Again it feels like interference rather than supportive allowing. If, in that lodge, we were doing sacred work in non-ordinary reality – which I choose to believe – why would we need this primitive self-defense? What if her action, and perhaps more fundamentally, her fear, was the attractive nuisance, with her imagining the strike, as she did, entering the lodge along the trees and into the tangle of roots beneath us. Instead, we could have imagined the darkness protecting us—“under dark of night.”

Imagine, now, with me, how our overall health could improve if we could release our “addiction” to light. Imagine how the land could rest again at night, without the creeping light of cities, shopping malls, prisons. Imagine the possible implications of welcoming the darkness, of dwelling in it, returning to a rhythm which allows night, and darkness. I would feel safer in a world that does not sanctify light above darkness. The production of electricity, our main defense against the dark and fear, is costly in many ways. Imagine the desirable consequences for our air, water and land if we did not fear the dark but learned to work with it and to sleep and dream when the earth and sky called us to do so.

We seek enlightenment. When will we also seek endarkenment? Darkness is the dreamtime, whether at night cozy in our beds or when entering the journey, the alpha state of what is called non-ordinary reality. Darkness is what was feared in women, the very womb as replicated in the tradition of the sweat lodge, and in the moon, coming and going through its phases, dropping us sometimes into total darkness. In many cultures the moon is symbolic of woman. Is it the darkness in woman that has led to her oppression around the earth? Is it something so primal in us as fearing the dark mystery, the potential of the womb?

Can our attention to light illuminate other oppressions, including the connection between our fear of darkness and the oppression of dark-skinned people around the world? In this short essay I leave us each to puzzle it through.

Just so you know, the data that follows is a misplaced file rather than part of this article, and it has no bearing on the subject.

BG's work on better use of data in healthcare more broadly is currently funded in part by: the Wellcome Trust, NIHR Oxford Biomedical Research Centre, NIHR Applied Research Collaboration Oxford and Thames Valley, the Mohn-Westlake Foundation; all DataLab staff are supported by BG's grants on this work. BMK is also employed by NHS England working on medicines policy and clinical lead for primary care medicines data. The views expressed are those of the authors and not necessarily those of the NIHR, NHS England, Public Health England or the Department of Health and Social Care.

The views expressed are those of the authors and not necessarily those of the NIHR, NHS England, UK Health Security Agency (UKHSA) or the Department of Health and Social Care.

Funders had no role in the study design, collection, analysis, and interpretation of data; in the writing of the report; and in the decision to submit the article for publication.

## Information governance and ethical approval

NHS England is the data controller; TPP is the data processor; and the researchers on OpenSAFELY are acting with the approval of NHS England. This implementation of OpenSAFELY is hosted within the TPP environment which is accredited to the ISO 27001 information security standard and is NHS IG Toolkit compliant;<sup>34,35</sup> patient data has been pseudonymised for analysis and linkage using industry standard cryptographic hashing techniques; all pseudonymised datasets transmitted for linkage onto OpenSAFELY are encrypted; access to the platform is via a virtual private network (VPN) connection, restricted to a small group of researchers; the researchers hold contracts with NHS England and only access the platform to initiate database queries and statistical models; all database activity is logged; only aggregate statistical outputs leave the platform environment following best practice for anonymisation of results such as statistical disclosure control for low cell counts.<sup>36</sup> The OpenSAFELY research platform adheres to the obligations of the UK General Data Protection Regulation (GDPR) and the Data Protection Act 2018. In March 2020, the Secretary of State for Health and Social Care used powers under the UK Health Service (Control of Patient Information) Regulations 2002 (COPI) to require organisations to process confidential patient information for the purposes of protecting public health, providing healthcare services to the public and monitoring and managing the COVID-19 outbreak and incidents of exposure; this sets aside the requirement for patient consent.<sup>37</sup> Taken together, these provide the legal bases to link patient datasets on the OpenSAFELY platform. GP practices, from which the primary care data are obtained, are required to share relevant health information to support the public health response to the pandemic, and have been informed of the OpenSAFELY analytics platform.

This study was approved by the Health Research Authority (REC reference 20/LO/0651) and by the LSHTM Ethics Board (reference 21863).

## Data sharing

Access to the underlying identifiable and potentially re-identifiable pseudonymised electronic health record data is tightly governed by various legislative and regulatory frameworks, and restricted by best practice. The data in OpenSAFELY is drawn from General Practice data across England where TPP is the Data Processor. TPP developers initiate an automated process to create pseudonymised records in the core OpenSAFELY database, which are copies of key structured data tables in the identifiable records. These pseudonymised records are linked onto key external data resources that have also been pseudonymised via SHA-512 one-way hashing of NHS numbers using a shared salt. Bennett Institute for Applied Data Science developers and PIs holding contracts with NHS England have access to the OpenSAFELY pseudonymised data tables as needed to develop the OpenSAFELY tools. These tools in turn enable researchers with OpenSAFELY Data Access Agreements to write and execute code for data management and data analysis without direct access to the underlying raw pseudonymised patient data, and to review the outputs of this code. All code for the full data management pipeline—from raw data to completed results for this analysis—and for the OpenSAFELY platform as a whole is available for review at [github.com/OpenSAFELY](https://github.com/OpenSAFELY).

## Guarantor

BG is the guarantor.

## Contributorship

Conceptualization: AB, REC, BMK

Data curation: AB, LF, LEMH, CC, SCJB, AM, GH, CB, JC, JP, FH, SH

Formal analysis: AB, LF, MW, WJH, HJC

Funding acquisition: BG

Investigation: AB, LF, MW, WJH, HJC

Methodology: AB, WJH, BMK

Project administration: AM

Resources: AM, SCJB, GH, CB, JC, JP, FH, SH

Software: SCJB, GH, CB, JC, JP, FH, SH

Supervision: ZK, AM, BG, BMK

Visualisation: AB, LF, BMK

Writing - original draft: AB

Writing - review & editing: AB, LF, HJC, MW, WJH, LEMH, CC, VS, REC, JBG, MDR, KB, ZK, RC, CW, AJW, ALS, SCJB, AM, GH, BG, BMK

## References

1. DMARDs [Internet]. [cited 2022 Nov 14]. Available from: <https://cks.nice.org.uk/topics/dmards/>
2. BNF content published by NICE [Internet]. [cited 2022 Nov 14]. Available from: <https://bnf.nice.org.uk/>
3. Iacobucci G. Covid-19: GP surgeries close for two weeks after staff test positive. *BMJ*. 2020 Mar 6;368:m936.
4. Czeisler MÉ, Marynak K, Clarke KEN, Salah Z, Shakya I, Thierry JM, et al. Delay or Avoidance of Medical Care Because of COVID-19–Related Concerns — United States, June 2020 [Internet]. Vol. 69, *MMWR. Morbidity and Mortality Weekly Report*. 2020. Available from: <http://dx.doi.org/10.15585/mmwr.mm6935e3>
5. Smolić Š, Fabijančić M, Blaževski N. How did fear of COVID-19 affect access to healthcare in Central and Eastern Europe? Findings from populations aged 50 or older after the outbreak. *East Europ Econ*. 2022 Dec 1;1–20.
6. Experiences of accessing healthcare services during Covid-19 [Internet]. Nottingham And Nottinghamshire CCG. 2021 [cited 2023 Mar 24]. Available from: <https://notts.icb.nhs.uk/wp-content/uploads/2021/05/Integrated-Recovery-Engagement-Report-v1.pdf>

When we experience another’s rudeness, thoughtlessness, or condescension we can wither from it, rise to it with like demeanor, or, returning to the stimulus which brought about my broad response, we can “pink” the person. Or we can engage with them in the moment, with the intention of changing us both. This technique may be the most difficult and yet most revelatory because it insists that we recognize our fear and be incited (insighted?) by it to choose compassion over fear. That is the choice I’m practicing, though feebly I admit. It feels like the most dangerous response until we recognize the safety of compassion. Is compassion light? Is it darkness? From where in us does it spring? Our hearts? Our bellies?

Rather than “throw light” at our problems, I invite us to encapsulate them only as a last and temporary resort, to put them on hold and engage instead with the fear in ourselves: shaping those warheads into plowshares of compassion.

In the last year I remembered that fear and compassion cannot simultaneously occupy me. When I am fearful, which is much of the time, I am “outside”, threatened, keenly aware of my vulnerability. When by choice I shift to compassion, my heart sighs relief. I see my fear for what it is: a force with many dispositions and faces. Then I feel the solace, the comfort of courage and compassion – for my self and for the other, formerly obnoxious, human being. In that state of grace we transcend our fear, and embrace our humanness. We turn toward our fear, choosing to expose our vulnerability. We choose, empathically, to bask not in the light this time but in the deep, safe darkness.

With compassion, evil reveals its true self as fear. Yours, and mine.

Bonnie Hoag is co-founder and director of Dionondehowa sanctuary and School in Shushan, NY, DWS&S is non-profit and located open 175 acres bordering the Battenkill (“Dionondehowa,” before the Dutch came). While the sanctuary serves as a refuge and recharge area, the school is dedicated to nature studies and to the healing and expressive arts, using them to engender social and environmental responsibility in an atmosphere both contemplative and joyful. Dionondehowa translates to “She opens the door for them” and may have referred to the Eastern Door of the Iroquois Nation. For more information: (518) 854-7764 or at “Chiaroscuro” is an excerpt from the book Snake Medicine by Bonnie Hoag, available by December 2001.